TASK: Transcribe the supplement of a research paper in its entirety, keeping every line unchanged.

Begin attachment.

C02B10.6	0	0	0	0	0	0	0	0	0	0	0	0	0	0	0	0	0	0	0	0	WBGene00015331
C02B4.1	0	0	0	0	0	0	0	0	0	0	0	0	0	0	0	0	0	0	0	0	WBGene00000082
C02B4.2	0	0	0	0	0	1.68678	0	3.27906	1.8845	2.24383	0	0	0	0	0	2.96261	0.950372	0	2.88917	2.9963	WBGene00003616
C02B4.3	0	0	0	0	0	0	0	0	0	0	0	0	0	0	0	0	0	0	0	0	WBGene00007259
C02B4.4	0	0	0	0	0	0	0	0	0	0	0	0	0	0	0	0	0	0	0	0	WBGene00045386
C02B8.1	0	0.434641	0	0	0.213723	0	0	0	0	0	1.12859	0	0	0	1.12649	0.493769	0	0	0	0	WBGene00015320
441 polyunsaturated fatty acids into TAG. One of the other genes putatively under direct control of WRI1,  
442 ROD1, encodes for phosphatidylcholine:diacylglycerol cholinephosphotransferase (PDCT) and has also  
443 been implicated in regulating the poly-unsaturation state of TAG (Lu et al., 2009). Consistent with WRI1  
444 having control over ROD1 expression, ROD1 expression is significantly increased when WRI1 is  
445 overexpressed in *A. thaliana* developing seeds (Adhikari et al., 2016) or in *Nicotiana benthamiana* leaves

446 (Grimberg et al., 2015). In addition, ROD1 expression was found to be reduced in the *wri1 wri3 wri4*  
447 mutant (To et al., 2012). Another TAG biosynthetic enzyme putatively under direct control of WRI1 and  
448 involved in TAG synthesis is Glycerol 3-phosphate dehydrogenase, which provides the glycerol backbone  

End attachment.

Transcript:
C02B10.6	0	0	0	0	0	0	0	0	0	0	0	0	0	0	0	0	0	0	0	0	WBGene00015331
C02B4.1	0	0	0	0	0	0	0	0	0	0	0	0	0	0	0	0	0	0	0	0	WBGene00000082
C02B4.2	0	0	0	0	0	1.68678	0	3.27906	1.8845	2.24383	0	0	0	0	0	2.96261	0.950372	0	2.88917	2.9963	WBGene00003616
C02B4.3	0	0	0	0	0	0	0	0	0	0	0	0	0	0	0	0	0	0	0	0	WBGene00007259
C02B4.4	0	0	0	0	0	0	0	0	0	0	0	0	0	0	0	0	0	0	0	0	WBGene00045386
C02B8.1	0	0.434641	0	0	0.213723	0	0	0	0	0	1.12859	0	0	0	1.12649	0.493769	0	0	0	0	WBGene00015320
441 polyunsaturated fatty acids into TAG. One of the other genes putatively under direct control of WRI1,  
442 ROD1, encodes for phosphatidylcholine:diacylglycerol cholinephosphotransferase (PDCT) and has also  
443 been implicated in regulating the poly-unsaturation state of TAG (Lu et al., 2009). Consistent with WRI1  
444 having control over ROD1 expression, ROD1 expression is significantly increased when WRI1 is  
445 overexpressed in *A. thaliana* developing seeds (Adhikari et al., 2016) or in *Nicotiana benthamiana* leaves

446 (Grimberg et al., 2015). In addition, ROD1 expression was found to be reduced in the *wri1 wri3 wri4*  
447 mutant (To et al., 2012). Another TAG biosynthetic enzyme putatively under direct control of WRI1 and  
448 involved in TAG synthesis is Glycerol 3-phosphate dehydrogenase, which provides the glycerol backbone  